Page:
Saturday, July 2, 2016

The Fire Engine That Disappeared  (Martin Beck, #5)The Fire Engine That Disappeared by Maj Sjöwall
My rating: 3 of 5 stars

"Now we've three dead men, one murdered, one both murdered and committed suicide and one who only committed suicide. How do you explain this suicidal psychosis?"

It must be a very difficult task for an author to follow a masterpiece in a series of novels. In the Martin Beck series of police procedurals by Maj Sjöwall and Per Wahlöö The Fire Engine That Disappeared (1969) follows the extraordinary The Laughing Policeman and - quite naturally - pales in comparison, even if it is quite a good book in its own right.

The epigraph succinctly describes the problem that the detectives face. In addition to an apparently obvious suicide, they have to deal with an explosion in the house that has been under police observation because of a suspected car thief living there. Several people die in the explosion, but has it been really planned as a murder? Well, it turns out to be a suicide but then it also turns out to be a murder. In addition to the murder/suicide conundrum, we have the disappearing fire engine. But wait! It is not just one fire engine that disappears! From the mystery point of view the plot is quite engrossing.

While I like the increased focus on Gunvald Larsson the tension between him and Lennart Kollberg has become somewhat of a cliché. Martin Beck's squad has a new member, Benny Skacke; alas his characterization is full of clichés as well. In general, the writing in this installment could be described as lazy - the authors rely too much on things that the readers are supposed to know from previous books: the repetitiveness of characterizations is - in my view - one of the worst aspects of series of novels. On the other hand, the further deterioration of Martin Beck's marriage is shown well and cleverly contrasted with a rather unconventional marital life of Detective Månsson. The interrogation of Nadja Eriksson makes hilarious reading, and I have had fun imagining why there are breaks in the taped recording.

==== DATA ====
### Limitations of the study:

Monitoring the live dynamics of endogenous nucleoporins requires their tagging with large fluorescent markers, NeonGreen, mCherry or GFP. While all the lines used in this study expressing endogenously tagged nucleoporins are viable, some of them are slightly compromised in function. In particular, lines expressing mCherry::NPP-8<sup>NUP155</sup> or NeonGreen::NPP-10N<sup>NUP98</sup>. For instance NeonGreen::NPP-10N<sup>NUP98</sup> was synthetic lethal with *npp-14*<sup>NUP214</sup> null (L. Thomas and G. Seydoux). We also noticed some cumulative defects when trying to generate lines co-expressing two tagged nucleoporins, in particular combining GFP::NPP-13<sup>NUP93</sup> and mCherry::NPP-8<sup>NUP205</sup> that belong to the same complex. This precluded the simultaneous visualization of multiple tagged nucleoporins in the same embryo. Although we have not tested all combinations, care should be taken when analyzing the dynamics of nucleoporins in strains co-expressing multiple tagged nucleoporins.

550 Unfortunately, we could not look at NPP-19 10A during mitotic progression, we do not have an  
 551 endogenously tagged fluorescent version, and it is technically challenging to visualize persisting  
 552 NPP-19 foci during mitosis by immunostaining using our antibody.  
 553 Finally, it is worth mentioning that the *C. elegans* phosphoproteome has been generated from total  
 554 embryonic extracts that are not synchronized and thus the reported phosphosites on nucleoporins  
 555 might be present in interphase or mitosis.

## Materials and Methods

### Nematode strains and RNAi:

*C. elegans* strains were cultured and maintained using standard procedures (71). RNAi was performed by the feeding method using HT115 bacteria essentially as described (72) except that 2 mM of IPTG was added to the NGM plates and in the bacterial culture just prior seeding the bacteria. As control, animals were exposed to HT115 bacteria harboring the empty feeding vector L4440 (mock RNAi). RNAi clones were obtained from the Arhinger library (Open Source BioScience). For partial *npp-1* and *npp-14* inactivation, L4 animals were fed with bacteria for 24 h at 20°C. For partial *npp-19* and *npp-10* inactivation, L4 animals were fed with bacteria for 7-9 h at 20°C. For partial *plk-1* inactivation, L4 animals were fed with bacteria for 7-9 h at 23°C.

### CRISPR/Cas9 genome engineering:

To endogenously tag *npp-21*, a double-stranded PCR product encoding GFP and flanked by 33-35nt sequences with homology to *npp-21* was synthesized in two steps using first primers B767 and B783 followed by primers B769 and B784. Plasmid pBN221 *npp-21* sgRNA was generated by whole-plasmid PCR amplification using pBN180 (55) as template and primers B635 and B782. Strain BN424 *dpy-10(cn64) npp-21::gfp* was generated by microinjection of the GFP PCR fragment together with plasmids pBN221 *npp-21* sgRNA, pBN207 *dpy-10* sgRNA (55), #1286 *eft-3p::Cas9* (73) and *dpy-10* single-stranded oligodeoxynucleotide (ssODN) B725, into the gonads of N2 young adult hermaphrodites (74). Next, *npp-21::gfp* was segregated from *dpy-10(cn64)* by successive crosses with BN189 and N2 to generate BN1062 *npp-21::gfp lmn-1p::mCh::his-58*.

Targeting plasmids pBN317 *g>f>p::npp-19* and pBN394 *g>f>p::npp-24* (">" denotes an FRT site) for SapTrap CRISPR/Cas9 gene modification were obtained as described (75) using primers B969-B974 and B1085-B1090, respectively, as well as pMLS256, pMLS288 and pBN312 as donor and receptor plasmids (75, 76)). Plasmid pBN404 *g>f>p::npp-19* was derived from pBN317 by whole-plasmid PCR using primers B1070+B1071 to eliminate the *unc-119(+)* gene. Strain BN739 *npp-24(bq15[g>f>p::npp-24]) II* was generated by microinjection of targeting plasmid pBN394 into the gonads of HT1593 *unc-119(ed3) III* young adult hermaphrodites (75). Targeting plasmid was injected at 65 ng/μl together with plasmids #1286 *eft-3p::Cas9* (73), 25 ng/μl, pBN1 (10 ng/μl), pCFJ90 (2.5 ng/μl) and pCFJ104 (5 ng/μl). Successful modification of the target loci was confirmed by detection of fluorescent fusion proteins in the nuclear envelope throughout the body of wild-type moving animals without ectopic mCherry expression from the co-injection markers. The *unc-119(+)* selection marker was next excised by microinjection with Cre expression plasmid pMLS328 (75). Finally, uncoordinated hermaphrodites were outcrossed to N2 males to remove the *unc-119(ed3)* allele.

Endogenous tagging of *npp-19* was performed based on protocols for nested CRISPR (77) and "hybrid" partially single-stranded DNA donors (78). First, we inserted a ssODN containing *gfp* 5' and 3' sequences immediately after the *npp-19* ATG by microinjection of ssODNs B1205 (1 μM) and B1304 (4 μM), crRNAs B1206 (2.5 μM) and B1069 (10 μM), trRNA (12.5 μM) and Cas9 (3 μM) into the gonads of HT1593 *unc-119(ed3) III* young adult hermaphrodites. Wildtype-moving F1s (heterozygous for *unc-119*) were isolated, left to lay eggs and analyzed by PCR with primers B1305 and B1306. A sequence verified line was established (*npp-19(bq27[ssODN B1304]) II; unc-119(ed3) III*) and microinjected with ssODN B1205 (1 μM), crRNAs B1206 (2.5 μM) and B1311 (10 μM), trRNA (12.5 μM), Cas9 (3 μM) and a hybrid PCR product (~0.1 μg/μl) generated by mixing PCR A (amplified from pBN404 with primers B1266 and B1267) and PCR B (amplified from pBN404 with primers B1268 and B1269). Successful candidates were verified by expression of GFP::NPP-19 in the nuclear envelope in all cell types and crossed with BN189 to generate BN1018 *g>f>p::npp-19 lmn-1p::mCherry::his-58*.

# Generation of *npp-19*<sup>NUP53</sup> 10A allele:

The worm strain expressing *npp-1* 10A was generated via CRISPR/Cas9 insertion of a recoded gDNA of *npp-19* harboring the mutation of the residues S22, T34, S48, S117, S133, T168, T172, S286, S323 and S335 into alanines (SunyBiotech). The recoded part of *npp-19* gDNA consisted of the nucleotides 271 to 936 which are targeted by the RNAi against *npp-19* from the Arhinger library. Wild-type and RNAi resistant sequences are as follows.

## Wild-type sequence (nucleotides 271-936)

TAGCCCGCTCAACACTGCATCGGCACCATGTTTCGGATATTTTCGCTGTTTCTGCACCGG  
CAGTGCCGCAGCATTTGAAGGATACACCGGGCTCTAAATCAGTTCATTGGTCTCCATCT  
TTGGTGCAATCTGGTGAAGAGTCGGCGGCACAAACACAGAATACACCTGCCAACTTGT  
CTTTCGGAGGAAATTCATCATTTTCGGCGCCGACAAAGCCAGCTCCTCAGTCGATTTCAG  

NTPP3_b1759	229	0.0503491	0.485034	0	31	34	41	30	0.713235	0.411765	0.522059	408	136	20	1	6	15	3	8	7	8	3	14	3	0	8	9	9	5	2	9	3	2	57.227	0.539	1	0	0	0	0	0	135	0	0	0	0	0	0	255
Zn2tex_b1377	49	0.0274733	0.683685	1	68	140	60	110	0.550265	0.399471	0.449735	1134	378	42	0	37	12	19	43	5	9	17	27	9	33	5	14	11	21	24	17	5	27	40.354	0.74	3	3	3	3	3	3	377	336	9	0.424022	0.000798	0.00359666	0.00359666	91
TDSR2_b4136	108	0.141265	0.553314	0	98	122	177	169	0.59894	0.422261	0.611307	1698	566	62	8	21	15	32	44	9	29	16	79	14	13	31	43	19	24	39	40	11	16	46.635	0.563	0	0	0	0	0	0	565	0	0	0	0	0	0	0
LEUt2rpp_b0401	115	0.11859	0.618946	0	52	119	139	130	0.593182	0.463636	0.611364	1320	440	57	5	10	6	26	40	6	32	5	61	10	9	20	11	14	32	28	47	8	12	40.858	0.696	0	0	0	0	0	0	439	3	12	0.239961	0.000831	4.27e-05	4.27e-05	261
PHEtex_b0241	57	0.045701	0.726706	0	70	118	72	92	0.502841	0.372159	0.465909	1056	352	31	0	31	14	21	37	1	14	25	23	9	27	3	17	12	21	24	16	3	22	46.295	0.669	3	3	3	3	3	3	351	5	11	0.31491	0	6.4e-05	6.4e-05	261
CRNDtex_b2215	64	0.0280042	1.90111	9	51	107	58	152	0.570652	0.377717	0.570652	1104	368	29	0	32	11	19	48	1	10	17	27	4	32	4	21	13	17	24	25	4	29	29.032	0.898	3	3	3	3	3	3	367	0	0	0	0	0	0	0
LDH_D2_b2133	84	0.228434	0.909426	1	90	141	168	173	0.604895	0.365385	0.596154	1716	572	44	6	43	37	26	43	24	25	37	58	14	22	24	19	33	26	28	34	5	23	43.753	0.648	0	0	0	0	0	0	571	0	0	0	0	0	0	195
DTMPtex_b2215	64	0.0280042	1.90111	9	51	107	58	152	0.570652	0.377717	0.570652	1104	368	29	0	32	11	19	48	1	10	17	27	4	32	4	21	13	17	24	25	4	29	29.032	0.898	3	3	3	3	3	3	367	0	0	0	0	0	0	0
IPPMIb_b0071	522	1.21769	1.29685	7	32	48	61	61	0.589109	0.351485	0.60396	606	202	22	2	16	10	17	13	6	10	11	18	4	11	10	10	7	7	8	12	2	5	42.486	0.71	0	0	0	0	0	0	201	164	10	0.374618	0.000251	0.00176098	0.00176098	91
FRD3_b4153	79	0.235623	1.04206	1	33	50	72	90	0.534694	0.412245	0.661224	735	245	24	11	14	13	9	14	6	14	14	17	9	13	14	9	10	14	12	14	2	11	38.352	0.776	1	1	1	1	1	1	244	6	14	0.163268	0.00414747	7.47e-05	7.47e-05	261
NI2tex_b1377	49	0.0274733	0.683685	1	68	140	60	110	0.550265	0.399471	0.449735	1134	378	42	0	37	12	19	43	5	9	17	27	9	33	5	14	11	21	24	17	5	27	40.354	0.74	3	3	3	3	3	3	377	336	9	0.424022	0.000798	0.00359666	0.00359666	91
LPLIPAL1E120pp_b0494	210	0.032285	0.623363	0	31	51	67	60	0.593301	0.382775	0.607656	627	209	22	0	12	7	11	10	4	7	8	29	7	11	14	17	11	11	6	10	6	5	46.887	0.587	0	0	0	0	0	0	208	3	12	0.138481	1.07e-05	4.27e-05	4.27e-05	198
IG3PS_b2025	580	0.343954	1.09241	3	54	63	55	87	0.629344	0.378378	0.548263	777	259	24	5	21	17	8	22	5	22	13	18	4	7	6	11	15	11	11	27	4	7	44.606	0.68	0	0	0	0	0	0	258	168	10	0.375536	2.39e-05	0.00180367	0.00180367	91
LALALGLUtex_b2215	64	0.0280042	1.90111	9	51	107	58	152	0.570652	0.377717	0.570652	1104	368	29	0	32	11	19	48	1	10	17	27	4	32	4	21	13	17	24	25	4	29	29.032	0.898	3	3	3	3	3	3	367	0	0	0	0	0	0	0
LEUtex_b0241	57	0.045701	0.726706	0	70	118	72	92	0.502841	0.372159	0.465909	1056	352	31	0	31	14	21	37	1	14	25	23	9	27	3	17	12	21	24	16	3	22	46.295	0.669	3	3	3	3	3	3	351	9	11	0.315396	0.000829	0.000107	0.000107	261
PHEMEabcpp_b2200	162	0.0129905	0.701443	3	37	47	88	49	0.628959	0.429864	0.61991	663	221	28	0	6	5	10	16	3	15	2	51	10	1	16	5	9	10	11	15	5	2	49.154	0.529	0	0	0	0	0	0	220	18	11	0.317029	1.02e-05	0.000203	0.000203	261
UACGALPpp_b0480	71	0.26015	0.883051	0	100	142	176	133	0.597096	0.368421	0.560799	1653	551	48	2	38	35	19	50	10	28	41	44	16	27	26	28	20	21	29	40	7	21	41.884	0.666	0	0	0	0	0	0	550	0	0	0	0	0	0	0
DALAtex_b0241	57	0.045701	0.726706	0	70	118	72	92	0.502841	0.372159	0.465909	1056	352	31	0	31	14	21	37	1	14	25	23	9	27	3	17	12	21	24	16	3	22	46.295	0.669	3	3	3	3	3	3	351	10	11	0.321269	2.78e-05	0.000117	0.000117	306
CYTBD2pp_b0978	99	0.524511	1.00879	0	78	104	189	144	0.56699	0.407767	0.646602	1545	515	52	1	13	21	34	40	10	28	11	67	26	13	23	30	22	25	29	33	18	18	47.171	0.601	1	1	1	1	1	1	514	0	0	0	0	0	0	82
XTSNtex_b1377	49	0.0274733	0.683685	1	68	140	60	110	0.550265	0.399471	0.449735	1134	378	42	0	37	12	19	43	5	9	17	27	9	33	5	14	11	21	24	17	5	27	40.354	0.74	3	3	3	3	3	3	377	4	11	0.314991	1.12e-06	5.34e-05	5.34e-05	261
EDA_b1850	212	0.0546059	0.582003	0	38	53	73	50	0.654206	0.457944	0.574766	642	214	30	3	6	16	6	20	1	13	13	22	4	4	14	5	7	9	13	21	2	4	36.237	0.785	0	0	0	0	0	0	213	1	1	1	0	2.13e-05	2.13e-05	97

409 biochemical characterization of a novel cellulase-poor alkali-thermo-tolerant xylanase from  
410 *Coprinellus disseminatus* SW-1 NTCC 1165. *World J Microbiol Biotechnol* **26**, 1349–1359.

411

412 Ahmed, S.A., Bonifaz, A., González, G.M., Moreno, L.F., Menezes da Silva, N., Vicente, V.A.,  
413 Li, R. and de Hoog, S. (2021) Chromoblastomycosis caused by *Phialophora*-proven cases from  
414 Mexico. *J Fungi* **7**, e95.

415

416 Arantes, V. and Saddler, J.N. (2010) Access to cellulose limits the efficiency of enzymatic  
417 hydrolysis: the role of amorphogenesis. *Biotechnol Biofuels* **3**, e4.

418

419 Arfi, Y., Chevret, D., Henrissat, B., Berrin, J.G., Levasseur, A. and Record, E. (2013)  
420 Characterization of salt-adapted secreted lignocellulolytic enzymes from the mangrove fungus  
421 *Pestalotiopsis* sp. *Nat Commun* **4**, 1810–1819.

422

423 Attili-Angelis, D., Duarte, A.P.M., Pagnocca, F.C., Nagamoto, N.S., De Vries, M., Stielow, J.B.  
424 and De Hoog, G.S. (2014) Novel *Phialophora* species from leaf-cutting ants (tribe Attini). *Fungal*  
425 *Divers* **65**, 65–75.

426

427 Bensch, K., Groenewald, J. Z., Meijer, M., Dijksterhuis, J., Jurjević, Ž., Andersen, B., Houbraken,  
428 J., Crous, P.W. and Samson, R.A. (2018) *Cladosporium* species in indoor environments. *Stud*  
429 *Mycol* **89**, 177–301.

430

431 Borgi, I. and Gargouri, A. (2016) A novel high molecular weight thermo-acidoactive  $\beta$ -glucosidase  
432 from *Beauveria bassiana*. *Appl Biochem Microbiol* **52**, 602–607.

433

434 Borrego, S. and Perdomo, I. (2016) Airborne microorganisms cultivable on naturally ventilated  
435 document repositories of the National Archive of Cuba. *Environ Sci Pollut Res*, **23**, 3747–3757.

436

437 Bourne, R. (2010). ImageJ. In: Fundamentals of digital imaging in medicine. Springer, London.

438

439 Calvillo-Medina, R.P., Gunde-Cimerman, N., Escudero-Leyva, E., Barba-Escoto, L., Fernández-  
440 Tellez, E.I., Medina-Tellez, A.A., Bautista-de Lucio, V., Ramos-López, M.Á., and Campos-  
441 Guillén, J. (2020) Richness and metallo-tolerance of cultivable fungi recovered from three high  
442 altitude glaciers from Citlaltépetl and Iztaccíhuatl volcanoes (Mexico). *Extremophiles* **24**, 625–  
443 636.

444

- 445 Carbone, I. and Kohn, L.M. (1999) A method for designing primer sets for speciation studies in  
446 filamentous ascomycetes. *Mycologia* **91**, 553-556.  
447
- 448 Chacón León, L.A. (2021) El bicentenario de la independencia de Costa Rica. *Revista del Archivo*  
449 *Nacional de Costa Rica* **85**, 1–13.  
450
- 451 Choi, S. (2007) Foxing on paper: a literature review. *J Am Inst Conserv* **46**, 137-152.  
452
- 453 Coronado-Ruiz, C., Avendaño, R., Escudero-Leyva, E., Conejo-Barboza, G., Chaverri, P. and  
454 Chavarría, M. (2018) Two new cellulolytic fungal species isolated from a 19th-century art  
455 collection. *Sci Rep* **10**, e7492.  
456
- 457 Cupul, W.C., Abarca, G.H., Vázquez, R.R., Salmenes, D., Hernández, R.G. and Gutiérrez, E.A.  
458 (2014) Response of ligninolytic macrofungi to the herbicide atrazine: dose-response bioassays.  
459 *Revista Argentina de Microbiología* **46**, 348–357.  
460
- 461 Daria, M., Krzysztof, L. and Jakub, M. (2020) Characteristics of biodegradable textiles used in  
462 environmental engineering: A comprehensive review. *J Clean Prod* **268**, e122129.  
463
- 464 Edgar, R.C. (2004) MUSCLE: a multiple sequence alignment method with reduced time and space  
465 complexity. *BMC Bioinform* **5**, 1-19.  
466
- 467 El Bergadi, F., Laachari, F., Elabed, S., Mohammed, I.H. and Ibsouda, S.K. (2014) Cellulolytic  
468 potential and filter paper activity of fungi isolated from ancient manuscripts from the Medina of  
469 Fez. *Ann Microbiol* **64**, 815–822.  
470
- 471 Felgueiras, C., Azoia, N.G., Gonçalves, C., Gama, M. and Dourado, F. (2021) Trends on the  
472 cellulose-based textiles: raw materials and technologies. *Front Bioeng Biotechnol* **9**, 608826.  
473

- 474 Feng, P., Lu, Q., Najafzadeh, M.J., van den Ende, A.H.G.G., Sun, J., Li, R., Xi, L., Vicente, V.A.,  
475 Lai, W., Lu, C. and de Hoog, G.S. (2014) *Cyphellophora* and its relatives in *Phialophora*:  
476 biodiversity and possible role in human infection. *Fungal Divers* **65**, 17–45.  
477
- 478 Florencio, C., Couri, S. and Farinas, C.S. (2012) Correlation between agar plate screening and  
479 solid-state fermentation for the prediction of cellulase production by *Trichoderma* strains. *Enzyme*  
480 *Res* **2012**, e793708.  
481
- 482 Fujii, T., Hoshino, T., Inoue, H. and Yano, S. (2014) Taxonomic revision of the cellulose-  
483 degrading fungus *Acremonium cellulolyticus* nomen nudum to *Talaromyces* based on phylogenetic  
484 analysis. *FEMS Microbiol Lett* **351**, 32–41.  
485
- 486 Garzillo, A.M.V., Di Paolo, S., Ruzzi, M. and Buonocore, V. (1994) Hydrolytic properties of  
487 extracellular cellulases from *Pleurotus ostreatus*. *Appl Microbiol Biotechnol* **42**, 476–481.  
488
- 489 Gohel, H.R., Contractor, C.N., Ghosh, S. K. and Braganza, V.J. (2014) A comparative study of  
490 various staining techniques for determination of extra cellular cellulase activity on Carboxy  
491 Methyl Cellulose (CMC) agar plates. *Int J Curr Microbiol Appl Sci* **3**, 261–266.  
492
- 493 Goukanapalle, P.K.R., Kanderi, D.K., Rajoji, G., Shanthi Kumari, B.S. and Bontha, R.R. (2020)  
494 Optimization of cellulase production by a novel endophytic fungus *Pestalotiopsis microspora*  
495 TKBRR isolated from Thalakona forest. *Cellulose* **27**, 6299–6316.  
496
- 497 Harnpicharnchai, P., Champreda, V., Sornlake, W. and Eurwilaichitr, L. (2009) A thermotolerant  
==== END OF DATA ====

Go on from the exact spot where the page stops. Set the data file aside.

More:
This is the first novel in the series where the concerns about social issues become really prominent. The authors worry about Sweden's "failed social policies" and - while from many of the U.S. residents' point of view Sweden is too much of a socialist country - the authors hold a totally opposite view: they suggest that the Swedish socialism is fake and just a cover for a truly uncaring and predatory capitalist society. At any rate, even the readers who are not too much into social issues will have fun with the plot and some vivid characters.

Three and a half stars.

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